Novel C. diff structures are required for infection, offer new therapeutic targets
Iron storage "spheres" inside the bacterium C. diff—the leading cause of hospital-acquired infections—could offer new targets for antibacterial drugs to combat the pathogen.
A team of Vanderbilt researchers discovered that C. diff (Clostridioides difficile) produces the spheres, called ferrosomes, and that these structures are important for infection in an animal model. The findings, reported Nov. 15 in the journal Nature, are also a rare demonstration of a membrane-bound structure inside a pathogenic bacterium.
Bacteria have long been thought not to contain organelles (such as a nucleus, mitochondria and other specialized structures) like eukaryotic cells, but that biological dogma appears to be incorrect.
"The emerging idea that bacteria do compartmentalize biochemical processes in a way similar to eukaryotic cells really flips the field of microbiology on its head," said Eric Skaar, Ph.D., MPH, the Ernest W. Goodpasture Professor of Pathology and director of the Vanderbilt Institute for Infection, Immunology, and Inflammation.
Skaar, co-corresponding author Qiangjun Zhou, Ph.D., assistant professor of Cell and Developmental Biology, and their colleagues were intrigued by findings reported several years ago that some environmental bacteria produce iron-containing ferrosomes.
They knew that the genes in these bacteria were conserved in C. diff and other anaerobic bacteria (bacteria that die in the presence of oxygen), and they set out to determine if C. diff produces ferrosomes to manage its need for iron.
Like all living organisms, C. diff requires iron to survive and grow. Skaar and his team have focused on how pathogens like C. diff acquire iron and other metals, with a goal of finding new pathways that could be exploited to "starve" pathogens of essential nutrients.
C. diff causes about 500,000 infections and more than 29,000 deaths in the United States each year, according to the Centers for Disease Control and Prevention, and treatment options are limited. People taking antibiotics that disrupt the healthy microbes in the gut are at increased risk for C. diff infection, which causes diarrhea and colitis. New strategies for treating this urgent public health threat are needed, Skaar said.
To look for iron inside C. diff, the researchers first drew on expertise and resources in the Vanderbilt Institute of Nanoscale Science and Engineering (VINSE).
"The best way to look for the accumulation of elements in a small space like a cell is with a method called STEM-EDS, which has not commonly been used for biological samples," Skaar said. "We were fortunate to have access to a STEM-EDS instrument and collaborators at VINSE, and we quickly proved that there was an accumulation of iron 'dots' within the bacterium."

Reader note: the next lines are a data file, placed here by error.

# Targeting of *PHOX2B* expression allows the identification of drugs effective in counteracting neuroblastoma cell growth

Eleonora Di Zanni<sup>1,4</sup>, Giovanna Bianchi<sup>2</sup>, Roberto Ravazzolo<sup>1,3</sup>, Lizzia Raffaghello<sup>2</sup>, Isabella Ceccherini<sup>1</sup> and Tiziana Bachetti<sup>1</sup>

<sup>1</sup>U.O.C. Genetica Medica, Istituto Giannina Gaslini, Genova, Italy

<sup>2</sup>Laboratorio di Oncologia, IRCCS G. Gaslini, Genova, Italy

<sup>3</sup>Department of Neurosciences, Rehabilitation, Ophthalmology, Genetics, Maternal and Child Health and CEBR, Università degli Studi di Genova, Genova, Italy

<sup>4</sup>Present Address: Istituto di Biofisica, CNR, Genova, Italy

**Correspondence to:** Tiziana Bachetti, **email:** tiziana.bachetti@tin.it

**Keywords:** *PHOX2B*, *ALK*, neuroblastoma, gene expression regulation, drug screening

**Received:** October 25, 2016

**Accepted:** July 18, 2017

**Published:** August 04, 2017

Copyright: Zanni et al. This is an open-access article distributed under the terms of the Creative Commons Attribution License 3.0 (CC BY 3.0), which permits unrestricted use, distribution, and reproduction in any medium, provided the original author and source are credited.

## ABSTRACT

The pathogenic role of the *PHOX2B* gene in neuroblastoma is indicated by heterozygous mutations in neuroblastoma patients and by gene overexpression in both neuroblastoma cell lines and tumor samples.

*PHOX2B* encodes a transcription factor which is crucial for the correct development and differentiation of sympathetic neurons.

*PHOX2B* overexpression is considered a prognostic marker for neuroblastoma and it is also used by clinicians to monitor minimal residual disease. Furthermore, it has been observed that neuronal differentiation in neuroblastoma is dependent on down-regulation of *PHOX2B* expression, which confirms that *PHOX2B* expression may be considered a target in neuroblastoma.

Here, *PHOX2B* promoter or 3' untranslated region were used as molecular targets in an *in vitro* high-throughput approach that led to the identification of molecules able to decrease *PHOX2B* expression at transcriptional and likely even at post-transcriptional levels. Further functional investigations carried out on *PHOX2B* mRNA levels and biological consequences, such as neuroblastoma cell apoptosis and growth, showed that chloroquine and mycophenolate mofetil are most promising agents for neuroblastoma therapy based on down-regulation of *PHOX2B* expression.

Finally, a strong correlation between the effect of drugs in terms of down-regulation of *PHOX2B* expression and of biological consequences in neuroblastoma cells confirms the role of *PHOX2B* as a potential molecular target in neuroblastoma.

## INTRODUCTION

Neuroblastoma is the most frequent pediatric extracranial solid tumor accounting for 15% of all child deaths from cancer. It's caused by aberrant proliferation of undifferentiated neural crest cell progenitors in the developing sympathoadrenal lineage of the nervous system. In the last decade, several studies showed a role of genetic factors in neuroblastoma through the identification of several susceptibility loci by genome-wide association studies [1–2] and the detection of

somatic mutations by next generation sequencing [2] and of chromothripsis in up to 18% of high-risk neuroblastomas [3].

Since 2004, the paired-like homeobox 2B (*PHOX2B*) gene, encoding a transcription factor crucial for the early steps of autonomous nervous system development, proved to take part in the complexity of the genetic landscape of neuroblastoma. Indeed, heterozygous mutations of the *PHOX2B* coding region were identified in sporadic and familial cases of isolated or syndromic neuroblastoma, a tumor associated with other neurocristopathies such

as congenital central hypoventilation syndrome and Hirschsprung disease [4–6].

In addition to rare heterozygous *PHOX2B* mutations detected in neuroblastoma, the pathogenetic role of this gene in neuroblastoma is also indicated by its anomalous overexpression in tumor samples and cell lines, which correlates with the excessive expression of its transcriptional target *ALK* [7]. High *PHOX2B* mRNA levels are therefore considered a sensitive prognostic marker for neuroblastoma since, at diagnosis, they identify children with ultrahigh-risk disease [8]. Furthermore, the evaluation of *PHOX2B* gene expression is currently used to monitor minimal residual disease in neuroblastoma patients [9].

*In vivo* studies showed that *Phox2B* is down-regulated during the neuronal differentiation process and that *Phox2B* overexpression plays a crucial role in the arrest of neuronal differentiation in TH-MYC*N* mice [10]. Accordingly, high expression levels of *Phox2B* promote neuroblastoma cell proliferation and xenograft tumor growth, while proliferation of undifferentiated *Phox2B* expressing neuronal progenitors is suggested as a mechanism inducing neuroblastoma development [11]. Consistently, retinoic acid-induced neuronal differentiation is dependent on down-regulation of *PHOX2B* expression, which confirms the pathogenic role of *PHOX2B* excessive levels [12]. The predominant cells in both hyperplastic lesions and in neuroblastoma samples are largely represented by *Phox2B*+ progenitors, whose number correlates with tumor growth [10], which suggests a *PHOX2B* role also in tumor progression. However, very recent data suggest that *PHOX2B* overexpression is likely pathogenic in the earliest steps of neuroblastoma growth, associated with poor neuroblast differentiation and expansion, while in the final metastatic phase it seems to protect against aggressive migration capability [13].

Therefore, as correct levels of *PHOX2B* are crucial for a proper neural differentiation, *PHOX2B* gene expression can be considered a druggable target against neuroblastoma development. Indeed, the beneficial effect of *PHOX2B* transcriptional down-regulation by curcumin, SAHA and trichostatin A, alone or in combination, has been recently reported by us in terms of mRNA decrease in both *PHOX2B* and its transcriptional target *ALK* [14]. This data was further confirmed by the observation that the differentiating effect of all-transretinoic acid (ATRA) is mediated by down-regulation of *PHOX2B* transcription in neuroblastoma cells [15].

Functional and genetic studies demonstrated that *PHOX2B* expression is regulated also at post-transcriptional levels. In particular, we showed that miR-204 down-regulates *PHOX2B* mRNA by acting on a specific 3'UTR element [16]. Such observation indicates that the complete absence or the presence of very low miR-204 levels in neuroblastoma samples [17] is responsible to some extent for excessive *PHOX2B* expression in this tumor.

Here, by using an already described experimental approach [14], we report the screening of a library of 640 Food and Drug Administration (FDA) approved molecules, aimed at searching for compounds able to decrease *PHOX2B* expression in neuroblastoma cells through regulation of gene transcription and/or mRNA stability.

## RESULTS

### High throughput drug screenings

Co-first authors Hualiang Pi, Ph.D., and Rong Sun, Ph.D., led studies to show that those iron dots represented organelles that were important to C. diff infection.
Pi and Skaar's team found that two genes (fezA and fezB), which are similar to those in environmental bacteria, were required for ferrosome formation. Using C. diff bacteria missing these genes, they showed that ferrosomes are required for C. diff to fully colonize and cause disease in an animal model.
They found that ferrosomes were even more important for C. diff infection in a model of inflammatory bowel disease, demonstrating that these iron-containing structures help the bacterium combat "nutritional immunity"—the host response of producing proteins to bind iron and attempt to starve the pathogen.
Sun and Zhou's team used cryogenic electron microscopy (cryo-EM) and cryo-tomography to show that the ferrosome structures were encased in a membrane, classifying them as organelles.
Skaar noted that "Vanderbilt's unique geography"—the proximity of experts in engineering, cell biology and the Medical Center—and specialized tools for STEM-EDS and cryo-EM made the research possible.
The results "establish ferrosome formation and all the factors involved in ferrosome formation as potential targets for new antibacterial drugs against an important infectious disease," Skaar said.
"Anytime we find new factors involved in host-pathogen interactions and show that they're important for infection, that opens entirely new opportunities to make classes of antibacterial drugs that have not existed before. That is especially important in the face of rising antimicrobial resistance that we're seeing globally."
In future studies, the researchers plan to explore how ferrosomes are formed, whether other gut pathogens produce ferrosomes, and whether these structures might be shared in the gut as a source of iron. Skaar is also particularly interested in pursuing the emerging area of bacterial organelles.
"We think our study is a rare demonstration of an organelle in a pathogenic bacterium," he said. "Now we want to know if there are other subcellular compartments in bacteria that we're interested in that could teach us about how these cells perform various physiologic processes."
Pi, a former postdoctoral fellow at Vanderbilt, is now an assistant professor of Microbial Pathogenesis at Yale School of Medicine. Sun is a postdoctoral fellow in Cell and Developmental Biology.
Other authors of the Nature paper include James McBride, Ph.D., Angela Kruse, Ph.D., Katherine Gibson-Corley, DVM, Ph.D., Evan Krystofiak, Ph.D., Maribeth Nicholson, MD, MPH, and Jeffrey Spraggins, Ph.D.
Journal information: Nature
Provided by Vanderbilt University Medical Center